Space agency: Probe successfully landed on comet

This is an archived article and the information in the article may be outdated. Please look at the time stamp on the story to see when it was last updated.

UPDATE: The Philae probe has landed on the surface of a comet, scientists from the European Space Agency announced.

It is the first time a soft landing has been achieved on a comet.


DARMSTADT, Germany – The European Space Agency’s unmanned Rosetta probe successfully released a lander toward the surface of a comet on Wednesday.

The Rosetta mission to land a probe on Comet 67P is past the point of no return, the agency announced.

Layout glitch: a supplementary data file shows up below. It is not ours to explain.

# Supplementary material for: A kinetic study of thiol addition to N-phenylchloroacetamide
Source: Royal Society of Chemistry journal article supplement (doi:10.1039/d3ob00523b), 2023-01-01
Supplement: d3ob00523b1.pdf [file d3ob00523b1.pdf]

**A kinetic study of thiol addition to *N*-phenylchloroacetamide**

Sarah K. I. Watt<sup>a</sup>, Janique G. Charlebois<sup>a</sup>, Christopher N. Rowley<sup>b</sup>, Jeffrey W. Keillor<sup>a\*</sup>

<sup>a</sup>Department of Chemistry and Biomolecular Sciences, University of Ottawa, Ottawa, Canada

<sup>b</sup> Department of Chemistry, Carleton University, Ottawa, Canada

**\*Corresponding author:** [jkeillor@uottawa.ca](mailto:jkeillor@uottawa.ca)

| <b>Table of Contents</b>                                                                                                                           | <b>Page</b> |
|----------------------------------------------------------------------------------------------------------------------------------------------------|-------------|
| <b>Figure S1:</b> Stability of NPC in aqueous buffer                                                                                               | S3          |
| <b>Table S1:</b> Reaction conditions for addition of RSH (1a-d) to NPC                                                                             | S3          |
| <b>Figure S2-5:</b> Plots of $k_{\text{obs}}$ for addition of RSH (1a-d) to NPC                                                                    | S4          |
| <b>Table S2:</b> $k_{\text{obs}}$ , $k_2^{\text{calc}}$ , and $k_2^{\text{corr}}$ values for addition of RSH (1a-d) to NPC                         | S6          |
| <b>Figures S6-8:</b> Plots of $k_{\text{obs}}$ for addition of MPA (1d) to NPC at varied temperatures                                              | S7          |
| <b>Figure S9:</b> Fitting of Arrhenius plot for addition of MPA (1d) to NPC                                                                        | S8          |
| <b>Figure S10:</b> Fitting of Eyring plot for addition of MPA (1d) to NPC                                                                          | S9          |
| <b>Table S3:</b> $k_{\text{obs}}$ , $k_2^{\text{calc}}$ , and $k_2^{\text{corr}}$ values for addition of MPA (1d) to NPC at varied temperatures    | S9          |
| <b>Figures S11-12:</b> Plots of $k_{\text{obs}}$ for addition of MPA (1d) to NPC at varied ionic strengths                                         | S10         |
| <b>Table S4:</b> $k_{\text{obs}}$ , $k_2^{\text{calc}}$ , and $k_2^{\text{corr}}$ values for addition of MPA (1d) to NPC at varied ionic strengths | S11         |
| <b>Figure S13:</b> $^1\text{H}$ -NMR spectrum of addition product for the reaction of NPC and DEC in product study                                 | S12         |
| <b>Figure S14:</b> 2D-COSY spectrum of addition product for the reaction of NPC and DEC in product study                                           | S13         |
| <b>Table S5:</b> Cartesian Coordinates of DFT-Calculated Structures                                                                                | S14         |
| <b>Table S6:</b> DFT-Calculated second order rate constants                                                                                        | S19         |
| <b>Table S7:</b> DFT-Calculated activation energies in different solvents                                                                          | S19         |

Comet 67P is 2.5 miles wide and is so far away that a confirmation signal relayed from Rosetta will take nearly half an hour to reach Earth.

If it succeeds, it will be the first time a spacecraft has landed on a comet.

Philae spent 10 years fixed to the side of Rosetta during its several billion mile journey across the solar system.

However, it cannot be steered and once it was released, it is on its own.

The Philae lander officially separated from the mother ship Rosetta around 2:30 a.m.

It is expected to reach the comet around 10 a.m.

Researchers say they hope the probe will help them learn more about the composition of comets and how they react when they get close to the Sun.

Officials say it weighs 220 pounds and is the size of a domestic washing machine.

Watch live coverage of the ESA’s mission control.

Notice: you are using an outdated browser. Microsoft does not recommend using IE as your default browser. Some features on this website, like video and images, might not work properly. For the best experience, please upgrade your browser.